Unfortunately, with the abolition of the regional code of law by Felipe V in 1707, the celebrations of the 9th of October were also banned.  However, all was not lost, and with the intention of  the 9th October not losing its festive character, the guild of bakers and confectioners of the city of Valencia impelled the celebration of Saint Dionysius (Sant Donís) as the "day of the lovers".

To this day, the Valencian bakeries prepare themselves thoroughly for the 9th October and cook thousands of marzipan miniatures; it is estimated that more than 80,000 kilos of marzipan are used to make about 250,000 "mocadoràs". In addition, the Guild of Bakers and Confectioners of Valencia convenes the Sant Donís Contest, to choose the best "mocadorà" and is the best showcase opportunity fro the bakeries and pastry shops through out the city of Valencia. This year’s winner  of the 36th Edition was El Forn de Latzer. You can see some examples here and perhaps pay it a visit if you are in the area :

 

 



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Time To Go Mushroom Picking!
04 October 2017

After a classic summer in terms of rainfall, Spain's forests are giving birth to the autumn season of wild mushrooms or Níscalos as they are called here, and they are popping up all over the country.

Any pine forest around the country should have Níscalos, but at least two intense rainfalls within a maximum period of 40 days is necessary to bring them to the surface and get them growing. The wild mushrooms need around 21 days to grow to a reasonable size so you will need to watch the weather.

Mushrooms will normally pop up in open sunny areas if they have received abundant rainfall, but if they haven’t they will be more likely to appear in the shaded damp areas of the forests. However I strongly recommend if you go out one day to collect these wild mushrooms, you do it with someone who understands what is what and which ones are still edible and which ones aren’t as there are poisonous Níscalos too which are similar in shape and colour. I also recommned you check for local restrictions, as there are regional bylaws  sometimes which limit the amount, and when, you are allowed to collect mushrooms.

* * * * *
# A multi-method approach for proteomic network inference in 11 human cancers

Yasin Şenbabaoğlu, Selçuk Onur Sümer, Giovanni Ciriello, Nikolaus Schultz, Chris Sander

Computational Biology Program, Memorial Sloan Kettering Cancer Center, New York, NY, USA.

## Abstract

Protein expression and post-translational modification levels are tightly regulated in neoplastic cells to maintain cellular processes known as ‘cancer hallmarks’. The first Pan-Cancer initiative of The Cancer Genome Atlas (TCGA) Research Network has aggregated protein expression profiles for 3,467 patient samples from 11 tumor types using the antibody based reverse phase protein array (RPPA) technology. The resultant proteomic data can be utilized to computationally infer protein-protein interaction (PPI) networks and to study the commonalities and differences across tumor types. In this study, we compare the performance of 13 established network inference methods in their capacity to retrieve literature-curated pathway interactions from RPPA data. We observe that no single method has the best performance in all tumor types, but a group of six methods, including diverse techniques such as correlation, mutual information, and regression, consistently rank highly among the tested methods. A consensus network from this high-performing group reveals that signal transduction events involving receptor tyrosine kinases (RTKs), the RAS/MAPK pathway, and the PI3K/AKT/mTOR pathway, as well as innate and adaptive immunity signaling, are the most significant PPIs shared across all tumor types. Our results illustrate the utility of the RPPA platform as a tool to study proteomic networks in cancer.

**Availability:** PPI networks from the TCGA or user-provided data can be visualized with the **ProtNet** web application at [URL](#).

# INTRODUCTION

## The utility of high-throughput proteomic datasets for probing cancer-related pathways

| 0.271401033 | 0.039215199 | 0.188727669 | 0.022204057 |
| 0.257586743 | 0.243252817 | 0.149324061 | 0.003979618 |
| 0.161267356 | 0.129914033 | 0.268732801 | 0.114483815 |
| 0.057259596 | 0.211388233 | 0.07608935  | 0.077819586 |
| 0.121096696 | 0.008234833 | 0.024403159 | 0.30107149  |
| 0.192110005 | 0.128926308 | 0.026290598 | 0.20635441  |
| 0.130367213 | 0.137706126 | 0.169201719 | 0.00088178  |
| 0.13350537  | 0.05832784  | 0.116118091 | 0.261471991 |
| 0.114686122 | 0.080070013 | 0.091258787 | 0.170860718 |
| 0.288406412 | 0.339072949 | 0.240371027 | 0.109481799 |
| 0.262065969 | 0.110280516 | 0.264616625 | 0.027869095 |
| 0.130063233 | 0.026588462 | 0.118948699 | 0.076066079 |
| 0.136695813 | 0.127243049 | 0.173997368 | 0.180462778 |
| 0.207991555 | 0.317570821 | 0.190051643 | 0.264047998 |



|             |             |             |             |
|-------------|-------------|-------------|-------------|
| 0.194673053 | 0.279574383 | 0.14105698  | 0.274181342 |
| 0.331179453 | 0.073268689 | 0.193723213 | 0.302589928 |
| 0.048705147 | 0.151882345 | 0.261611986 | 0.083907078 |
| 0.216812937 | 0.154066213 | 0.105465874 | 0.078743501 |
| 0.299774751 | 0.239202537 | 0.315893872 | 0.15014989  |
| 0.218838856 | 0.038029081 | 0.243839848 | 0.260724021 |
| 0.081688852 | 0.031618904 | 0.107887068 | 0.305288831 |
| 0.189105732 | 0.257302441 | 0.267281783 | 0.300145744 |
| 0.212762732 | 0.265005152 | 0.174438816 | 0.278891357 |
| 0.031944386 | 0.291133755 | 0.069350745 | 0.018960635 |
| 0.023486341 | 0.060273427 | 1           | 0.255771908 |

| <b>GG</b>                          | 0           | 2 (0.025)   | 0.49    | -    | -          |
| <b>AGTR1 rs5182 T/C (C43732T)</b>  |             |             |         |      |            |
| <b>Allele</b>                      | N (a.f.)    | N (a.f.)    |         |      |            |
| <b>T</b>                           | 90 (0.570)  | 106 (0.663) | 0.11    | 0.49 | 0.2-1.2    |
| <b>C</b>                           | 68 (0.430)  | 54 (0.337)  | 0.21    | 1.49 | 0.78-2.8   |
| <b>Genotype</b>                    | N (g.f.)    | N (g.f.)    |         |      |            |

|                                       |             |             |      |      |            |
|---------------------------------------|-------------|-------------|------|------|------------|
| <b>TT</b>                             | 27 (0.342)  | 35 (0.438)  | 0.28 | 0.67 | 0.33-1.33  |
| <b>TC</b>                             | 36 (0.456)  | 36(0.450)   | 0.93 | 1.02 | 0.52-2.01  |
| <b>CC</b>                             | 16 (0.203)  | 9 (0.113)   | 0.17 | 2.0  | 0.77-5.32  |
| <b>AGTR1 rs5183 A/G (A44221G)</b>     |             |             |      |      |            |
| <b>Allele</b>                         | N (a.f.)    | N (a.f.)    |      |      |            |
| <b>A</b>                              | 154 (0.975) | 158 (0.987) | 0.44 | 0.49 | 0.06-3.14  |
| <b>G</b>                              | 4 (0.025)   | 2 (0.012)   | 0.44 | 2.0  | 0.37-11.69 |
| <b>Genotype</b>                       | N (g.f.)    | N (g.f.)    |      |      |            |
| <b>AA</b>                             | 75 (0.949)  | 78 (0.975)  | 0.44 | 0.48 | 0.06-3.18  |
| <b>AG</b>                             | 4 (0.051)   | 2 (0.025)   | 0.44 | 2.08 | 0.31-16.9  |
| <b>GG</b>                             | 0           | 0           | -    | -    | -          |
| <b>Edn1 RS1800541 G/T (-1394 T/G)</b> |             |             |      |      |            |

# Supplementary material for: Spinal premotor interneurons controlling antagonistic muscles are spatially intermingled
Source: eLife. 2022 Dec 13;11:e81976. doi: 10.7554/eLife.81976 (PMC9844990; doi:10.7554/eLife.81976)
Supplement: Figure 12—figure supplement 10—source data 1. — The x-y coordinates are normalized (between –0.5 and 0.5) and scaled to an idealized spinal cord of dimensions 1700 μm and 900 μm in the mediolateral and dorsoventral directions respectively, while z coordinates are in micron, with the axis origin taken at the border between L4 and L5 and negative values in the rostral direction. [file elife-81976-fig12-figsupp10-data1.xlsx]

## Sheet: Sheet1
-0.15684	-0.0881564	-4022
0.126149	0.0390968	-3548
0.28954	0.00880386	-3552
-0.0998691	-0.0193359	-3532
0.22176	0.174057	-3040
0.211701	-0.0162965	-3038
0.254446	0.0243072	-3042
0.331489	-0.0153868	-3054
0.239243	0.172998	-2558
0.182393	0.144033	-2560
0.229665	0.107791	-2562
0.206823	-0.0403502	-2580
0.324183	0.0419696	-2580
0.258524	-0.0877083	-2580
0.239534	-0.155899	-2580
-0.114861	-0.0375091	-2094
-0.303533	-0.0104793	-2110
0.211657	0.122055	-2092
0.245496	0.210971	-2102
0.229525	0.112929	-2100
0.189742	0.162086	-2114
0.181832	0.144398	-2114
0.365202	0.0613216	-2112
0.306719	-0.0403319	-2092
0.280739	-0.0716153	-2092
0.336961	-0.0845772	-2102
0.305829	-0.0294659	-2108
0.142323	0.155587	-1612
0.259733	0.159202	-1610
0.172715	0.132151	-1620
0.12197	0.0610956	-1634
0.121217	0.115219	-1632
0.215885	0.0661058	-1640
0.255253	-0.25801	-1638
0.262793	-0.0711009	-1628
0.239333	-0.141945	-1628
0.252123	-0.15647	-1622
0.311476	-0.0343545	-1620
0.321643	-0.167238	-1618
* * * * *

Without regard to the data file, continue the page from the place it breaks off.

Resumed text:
Mushroom picking can be dangerous if you do not know what you are doing. I for one have been fortunate enough to go Níscalo  (called Rebollónes here in Valencia) picking in Valencia, Castellon and the Sierra of Madrid accompanied by experimented “mushroom hunters” as they humourously refered to themselves as “Cazadores de Setas”! There is a skill in identifying where these mushrooms hide, as they are not always visible to the eye at first and it is necessary to separate the loose pine needles and grass on the forest floor to discover them and then dig them out. If you have the chance to go I highly recommend it as it is a great day out to get some fresh air and at the end of the end of the day you will have a wonderfully tasty reward.

The grill or the BBQ are the perfect pieces of equipment for cooking mushrooms. Because mushrooms contain a high percentage of water they remain moist under high, direct heat. As they lose moisture the flavour of the mushroom (and anything you've put on them) is intensified. Purists will tell you that you shouldn’t wash your mushrooms in water. Mushrooms should be gently brushed of any remaining dirt or debris, washing should be a last resort as it will affect the final flavour. If you do wash them make sure you dry them straight away with kitchen towel and wash them quickly. A small paint brush or even a toothbrush are ideal for cleaning them, but admittedly it can be time consuming.